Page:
The Passaic Affordable Housing Coalition, a Porzio client, in conjunction with the Housing Authority of the City of Passaic, announced plans to rehabilitate three senior citizen apartment complexes, an ambitious project totaling $17 million in private public funding. According to the New Jersey Home Mortgage and Finance Agency, the project will generate about $27.2 million in economic output.
Construction has begun on the individual units, which will include new kitchens, bathrooms, appliances, cabinets, plumbing, elevators, flooring, handicap accessibility, lighting, emergency safety systems, and new interior and exterior painting. A new building facade, new balconies, doors, windows, exterior lighting and intercom systems will also be installed.
The project is possible through the US Department of Housing and Urban Development Rental Assistance Demonstration Pilot Program ("RAD"), which allows public housing agencies to convert their current public housing stock to long-term Section 8 contracts, leveraging debt and equity to address immediate capital needs while preserving affordable housing. This RAD project is one of the very first in the State of New Jersey and the largest to date in New Jersey.
Public private partnerships such as this are likely to become more common nationwide, as a 2010 U.S. Department of Housing and Urban Development assessment valued the backlog of federal funding for public housing at over $25.6 billion, and rising at a rate of $3.4 billion per year.
To read the NorthJersey.com coverage of the project, please click here.
On Feb. 1, the New Jersey Supreme Court heard oral argument in Mortgage Grader, Inc. v. Ward & Olivo, a case that could have been ripped straight from a law school exam. The question on appeal is whether a partner in a law firm organized as a limited liability partnership loses the liability protections normally afforded in those partnerships if the business fails to maintain professional liability insurance.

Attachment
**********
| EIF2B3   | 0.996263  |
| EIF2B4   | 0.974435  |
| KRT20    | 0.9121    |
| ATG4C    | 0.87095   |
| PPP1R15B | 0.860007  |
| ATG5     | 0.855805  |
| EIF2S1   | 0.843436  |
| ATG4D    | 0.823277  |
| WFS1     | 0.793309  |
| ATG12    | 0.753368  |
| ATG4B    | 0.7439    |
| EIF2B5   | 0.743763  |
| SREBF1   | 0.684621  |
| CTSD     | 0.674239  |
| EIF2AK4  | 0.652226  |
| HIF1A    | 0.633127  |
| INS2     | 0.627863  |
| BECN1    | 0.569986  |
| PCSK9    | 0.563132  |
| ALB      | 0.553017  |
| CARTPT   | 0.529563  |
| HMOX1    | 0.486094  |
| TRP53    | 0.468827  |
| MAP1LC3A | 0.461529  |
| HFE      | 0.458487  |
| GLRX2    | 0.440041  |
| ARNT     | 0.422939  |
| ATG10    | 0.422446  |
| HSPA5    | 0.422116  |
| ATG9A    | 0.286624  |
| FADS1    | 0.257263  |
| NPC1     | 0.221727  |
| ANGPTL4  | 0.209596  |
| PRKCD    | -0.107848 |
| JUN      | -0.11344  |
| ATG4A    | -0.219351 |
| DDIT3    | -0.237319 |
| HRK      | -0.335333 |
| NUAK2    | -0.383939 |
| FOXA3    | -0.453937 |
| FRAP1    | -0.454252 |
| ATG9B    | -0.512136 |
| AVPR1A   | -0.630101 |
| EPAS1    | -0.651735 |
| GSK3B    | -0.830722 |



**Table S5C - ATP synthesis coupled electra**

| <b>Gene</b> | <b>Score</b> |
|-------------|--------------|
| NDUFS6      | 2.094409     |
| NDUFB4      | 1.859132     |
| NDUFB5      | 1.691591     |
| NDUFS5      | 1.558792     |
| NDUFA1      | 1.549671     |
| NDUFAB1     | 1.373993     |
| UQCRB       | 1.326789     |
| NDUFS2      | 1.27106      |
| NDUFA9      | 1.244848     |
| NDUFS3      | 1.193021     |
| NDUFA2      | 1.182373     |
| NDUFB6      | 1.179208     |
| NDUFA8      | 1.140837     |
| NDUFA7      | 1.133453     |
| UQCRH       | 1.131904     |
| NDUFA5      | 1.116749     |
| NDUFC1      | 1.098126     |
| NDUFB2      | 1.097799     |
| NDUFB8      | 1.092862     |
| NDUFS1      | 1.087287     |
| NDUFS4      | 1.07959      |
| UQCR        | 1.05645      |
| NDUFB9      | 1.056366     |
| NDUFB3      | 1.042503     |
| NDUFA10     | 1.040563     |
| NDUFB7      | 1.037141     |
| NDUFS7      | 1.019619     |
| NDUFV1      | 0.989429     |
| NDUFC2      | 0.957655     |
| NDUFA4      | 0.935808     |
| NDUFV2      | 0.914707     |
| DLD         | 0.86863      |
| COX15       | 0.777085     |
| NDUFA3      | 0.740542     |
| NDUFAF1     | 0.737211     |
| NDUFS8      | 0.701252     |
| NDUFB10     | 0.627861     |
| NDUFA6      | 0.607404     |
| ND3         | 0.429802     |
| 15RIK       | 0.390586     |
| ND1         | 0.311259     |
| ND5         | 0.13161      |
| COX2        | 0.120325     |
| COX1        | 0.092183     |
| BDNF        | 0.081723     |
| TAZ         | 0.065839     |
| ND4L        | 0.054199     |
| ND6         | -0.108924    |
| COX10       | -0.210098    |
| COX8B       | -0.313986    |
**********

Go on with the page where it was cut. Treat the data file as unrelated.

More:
This article was originally published in the June 2016 issue of New Jersey Lawyer Magazine, a publication of the New Jersey State Bar Association, and is reprinted here with permission.
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The Delaware Chancery Court recently issued a decision in favor of Porzio's clients after a three-day trial in Wilmington, Delaware in 2009 Caiola Family Trust v. PWA and Ward Katz, CA No. 8028-VCP (October 14, 2015). Gary M. Fellner, Esq. was the lead trial attorney for plaintiffs. He was assisted at trial and throughout this three-year litigation by Michael J. Naporano, Esq., and local Delaware counsel, Patricia L. Enerio, Esq.
The center of the case concerned a limited liability company that owned a multi-family apartment complex in Kansas. The LLC was formed in Delaware, so Delaware law controlled. Porzio's clients were the company's 90% majority owner and the "non-managing members" under the LLC operating agreement. Defendants PWA, LLC and Ward Katz from Kansas held the remaining 10% interest. Though PWA held the minority stake, PWA was the LLC's "managing member" under the operating agreement. The Court wrote that, unlike a corporation, the non-managing member of an LLC, even though it may be the majority owner, "does not get to call the shots." The managing member does. But the Court also wrote that the managing member can be removed "if it fails to pay attention to the requirements of the LLC's operating agreement." In other words, if it does not follow the agreement, it can be replaced by someone that the non-managing member controls.
After PWA refused to step down as managing member, plaintiffs filed suit and asked the Chancery Court to order PWA removed and replaced with a company controlled by plaintiffs. After a three-day trial, the Chancery Court issued a 91-page opinion agreeing with plaintiffs that grounds for PWA's removal were proven at trial, including the wrongful payment of asset management fees to a non-party. The Court also granted plaintiffs' request to an award of legal expenses incurred as prevailing parties. The Opinion can be viewed here.